Westbrook had arrived in Green Lake County about 1856 with $500. By 1867 he owned a large farm of over 800 acres. In addition to cows, sheep and horses, his farm included goats, wild geese, sand hill cranes, guinea fowls, peacocks, rare turkeys, and chickens.

Princeton Boy was the fastest horse in Loomis’ stable. Westbrook’s best were Billy Mason and Charley Westbrook.

Princeton Republic, May 20, 1871 – “At C.E. Westbrook’s, on last Saturday, some very fine driving was accomplished. The fastest horse in this part of the state, Charley Westbrook, went against Billy Mason, getting well down in the thirties. E.L. Hoyt has a fine colt on the ground, and O.N. Russell’s colt troubled three times badly.”

The Fourth of July races at Waupun in 1871 attracted horses from across the state. Princeton Boy took two purses for Loomis, and Billy Mason took first in the sweepstakes purse.

Loomis and Westbrook opened a sales and training stable in Manchester in 1872. Loomis closed his business in Princeton and moved to Ripon in June 1874, a couple of months before Westbrook held a big auction at his farm and left for Kansas with a large drove of young stock.

Westbrook sold his farm and completed his move to Newton, Kansas, in December 1875. He died there in May 1911 at age 78.

Loomis also left the area in 1875.

Princeton Republic, April 24, 1875 – “Mr. C.W. Loomis has started five trotting horses for River Falls, Pierce County, where we hear he has rented the driving park with a good mile track for the season. Charley is one of the best drivers and trainers in the country, and we understand will have all the horses he can handle.”

Loomis moved to River Falls in July but would return occasionally to visit with Princeton friends.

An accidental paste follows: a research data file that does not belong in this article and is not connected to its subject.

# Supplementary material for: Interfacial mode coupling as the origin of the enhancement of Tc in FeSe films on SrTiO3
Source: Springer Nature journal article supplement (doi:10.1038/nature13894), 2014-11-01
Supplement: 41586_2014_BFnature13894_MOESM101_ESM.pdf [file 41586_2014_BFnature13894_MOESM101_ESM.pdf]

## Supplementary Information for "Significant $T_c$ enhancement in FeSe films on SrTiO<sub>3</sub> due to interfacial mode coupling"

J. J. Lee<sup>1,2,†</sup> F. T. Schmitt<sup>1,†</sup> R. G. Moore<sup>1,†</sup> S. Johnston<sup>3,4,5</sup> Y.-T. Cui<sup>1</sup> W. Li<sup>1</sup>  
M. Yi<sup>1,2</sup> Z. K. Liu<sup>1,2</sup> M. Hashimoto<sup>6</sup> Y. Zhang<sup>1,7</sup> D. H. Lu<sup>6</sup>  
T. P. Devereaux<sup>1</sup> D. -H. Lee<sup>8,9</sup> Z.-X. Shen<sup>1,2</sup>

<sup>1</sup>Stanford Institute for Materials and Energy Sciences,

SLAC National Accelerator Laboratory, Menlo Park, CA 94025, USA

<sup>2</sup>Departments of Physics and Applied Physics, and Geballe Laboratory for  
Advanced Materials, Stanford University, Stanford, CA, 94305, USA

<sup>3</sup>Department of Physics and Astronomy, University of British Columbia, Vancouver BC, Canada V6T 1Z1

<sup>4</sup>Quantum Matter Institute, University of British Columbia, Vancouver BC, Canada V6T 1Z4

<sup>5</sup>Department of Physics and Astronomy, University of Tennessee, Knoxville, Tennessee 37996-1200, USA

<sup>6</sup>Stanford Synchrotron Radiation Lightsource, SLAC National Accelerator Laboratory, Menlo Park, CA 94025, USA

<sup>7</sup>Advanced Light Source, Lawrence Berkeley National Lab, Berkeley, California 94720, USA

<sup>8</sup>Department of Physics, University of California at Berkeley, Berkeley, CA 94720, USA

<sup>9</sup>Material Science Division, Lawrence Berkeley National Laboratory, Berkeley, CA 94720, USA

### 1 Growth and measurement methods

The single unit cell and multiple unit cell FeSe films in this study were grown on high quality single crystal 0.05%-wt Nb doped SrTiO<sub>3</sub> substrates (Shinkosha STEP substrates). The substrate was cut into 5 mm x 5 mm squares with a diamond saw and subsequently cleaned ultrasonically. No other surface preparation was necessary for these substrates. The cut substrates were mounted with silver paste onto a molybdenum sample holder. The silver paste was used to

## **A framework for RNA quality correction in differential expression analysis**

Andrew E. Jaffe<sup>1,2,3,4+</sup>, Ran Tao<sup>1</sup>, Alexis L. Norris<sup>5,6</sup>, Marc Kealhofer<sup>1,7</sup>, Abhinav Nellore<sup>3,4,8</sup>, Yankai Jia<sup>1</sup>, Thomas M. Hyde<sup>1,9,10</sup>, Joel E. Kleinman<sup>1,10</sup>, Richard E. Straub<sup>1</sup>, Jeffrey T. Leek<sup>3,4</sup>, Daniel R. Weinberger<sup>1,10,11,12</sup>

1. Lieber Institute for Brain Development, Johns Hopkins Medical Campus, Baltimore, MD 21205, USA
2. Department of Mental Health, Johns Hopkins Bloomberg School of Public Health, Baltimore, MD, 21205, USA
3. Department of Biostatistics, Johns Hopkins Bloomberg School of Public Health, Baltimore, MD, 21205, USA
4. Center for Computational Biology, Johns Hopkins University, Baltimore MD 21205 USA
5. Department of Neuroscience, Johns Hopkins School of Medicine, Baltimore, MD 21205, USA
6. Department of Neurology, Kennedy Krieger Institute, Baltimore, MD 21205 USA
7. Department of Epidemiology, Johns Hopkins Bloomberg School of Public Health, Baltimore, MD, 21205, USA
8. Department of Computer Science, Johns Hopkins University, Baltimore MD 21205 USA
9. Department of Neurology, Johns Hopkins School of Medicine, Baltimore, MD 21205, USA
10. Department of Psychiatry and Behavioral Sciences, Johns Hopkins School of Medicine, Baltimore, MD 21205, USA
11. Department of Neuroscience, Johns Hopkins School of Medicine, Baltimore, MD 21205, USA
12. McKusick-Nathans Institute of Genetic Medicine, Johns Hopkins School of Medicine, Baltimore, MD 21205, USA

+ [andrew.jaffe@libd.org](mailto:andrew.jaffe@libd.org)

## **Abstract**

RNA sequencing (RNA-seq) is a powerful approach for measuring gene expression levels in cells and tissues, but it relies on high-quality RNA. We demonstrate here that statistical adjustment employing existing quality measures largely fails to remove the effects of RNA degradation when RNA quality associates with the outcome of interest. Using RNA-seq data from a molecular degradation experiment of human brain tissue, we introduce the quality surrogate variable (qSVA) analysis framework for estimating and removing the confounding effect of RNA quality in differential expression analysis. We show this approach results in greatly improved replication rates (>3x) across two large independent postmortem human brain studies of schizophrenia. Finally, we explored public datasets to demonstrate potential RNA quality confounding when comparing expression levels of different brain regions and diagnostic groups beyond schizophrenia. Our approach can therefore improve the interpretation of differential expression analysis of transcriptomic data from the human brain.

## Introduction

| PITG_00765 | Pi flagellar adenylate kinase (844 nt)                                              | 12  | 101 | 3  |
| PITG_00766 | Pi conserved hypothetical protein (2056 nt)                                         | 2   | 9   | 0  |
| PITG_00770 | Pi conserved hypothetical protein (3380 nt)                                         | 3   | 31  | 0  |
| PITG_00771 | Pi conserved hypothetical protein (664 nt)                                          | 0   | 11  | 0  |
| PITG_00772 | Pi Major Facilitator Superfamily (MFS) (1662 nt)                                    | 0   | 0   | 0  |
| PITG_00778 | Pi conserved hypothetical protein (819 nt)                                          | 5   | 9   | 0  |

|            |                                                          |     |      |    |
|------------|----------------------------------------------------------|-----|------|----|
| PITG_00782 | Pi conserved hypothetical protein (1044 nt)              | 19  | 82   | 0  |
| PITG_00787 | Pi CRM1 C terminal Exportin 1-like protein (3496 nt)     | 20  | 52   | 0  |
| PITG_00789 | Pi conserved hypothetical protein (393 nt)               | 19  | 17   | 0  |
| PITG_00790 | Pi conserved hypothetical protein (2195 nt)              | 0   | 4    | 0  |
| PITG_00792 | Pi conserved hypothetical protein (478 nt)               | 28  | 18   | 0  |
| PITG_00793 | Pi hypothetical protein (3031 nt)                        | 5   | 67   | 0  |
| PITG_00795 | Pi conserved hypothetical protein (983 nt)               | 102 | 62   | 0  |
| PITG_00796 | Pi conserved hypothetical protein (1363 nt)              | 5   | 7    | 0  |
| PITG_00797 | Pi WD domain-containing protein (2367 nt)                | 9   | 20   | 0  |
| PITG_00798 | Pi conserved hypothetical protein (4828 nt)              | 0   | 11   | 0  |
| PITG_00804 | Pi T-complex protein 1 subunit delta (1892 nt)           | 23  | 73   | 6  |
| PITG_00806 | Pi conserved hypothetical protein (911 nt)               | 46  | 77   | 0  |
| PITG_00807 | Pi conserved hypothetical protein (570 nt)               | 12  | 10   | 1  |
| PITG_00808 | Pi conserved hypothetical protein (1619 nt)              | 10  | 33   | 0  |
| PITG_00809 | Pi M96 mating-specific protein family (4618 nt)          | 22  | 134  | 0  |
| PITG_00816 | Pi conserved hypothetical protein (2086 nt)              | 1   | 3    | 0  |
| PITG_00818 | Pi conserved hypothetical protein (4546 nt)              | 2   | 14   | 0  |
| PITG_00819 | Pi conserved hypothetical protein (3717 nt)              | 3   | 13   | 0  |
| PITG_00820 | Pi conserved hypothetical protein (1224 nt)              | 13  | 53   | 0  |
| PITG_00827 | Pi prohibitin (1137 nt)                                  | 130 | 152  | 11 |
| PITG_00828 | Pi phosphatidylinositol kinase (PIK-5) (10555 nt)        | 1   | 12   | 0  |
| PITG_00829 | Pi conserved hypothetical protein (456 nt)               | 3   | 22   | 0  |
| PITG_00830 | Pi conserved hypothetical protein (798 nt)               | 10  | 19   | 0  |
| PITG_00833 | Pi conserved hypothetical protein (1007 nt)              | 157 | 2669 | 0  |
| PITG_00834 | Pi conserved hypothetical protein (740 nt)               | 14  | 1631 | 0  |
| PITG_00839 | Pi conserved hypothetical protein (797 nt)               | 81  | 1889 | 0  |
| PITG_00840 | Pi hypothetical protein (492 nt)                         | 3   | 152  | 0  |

Princeton Republic, Nov. 13, 1875 – “C.W. Loomis dropped down into our town on Wednesday evening last. Charley is looking well, and says his trotters are in fine condition. Princeton Boy is good for money against any horse in the state. His stable at River Falls has two newly purchased steppers that are booked for extra speed.”

Princeton Republic, Dec. 4, 1879 – “C.W. Loomis and wife, of River Falls, and Mrs. C.D. Loomis and daughter Annie, of Necedah, have been making their old Princeton friends happy the week past by a general visit.”

Princeton Republic, July 14, 1881 – “Charley Loomis and wife dropped in among their old Princeton friends last Saturday.”

Loomis, the former merchant, listed his job as horse dealer in the 1880 census. He lived in River Falls until September 1885, when he moved to Pipestone, Minnesota, where he died in October 1886 of typhoid fever at age 56.

George Loomis, who trained and raced trotters until he died at age 85, drove his first sulky in Princeton, where his father, C.W. or “Charley,” helped establish two race tracks. (Minneapolis Star Tribune photo)

Charley’s love for horses rubbed off on both his sons, especially George, who rode his first sulky in Princeton and began competing in prize races in the 1880s. He was a professional trainer and driver for over six decades! He was elected to the Minnesota Sports Hall of Fame sponsored by the Star Tribune newspaper as part of the Class of 1963.

George was in his prime when harness racing was at its peak early in the 20th century, and at the time of his death, he was the oldest driver in harness racing.

The Star Tribune, in November 2019, outlined some of the accomplishments that earned Loomis a spot in the hall of fame: “One of his biggest victories was in 1926 with Hollyrood Walter in the $25,000 Kalamazoo Pacing Derby, called the Kentucky Derby of the harness racing world. About a month later, Loomis drove Hollyrood Walter to a victory in a $5,000 race in Goshen, N.Y.

“In 1943, at the age of 81, he won three races and had a second-place finish at the Minnesota State Fair. Loomis’ performance highlighted the program at the 1943 State Fair, which the Minneapolis Star called ‘the best program the Hamline track has had in many years.’ …

“Loomis, a native of Princeton, Wisconsin, was praised for his ability to get maximum performance from his horses.”

One of the horses that Loomis trained set a track record for five furlongs (1 minute, 16.4 seconds) in Portland, Oregon, in July 1947.  The 85-year-old’s racing career came to a dramatic finish one week later.

George Loomis died on July 26 driving in the featured ninth race at Portland Meadows.

His horse drew the sulky to the side and stopped.

Thank you for caring and reading about local history.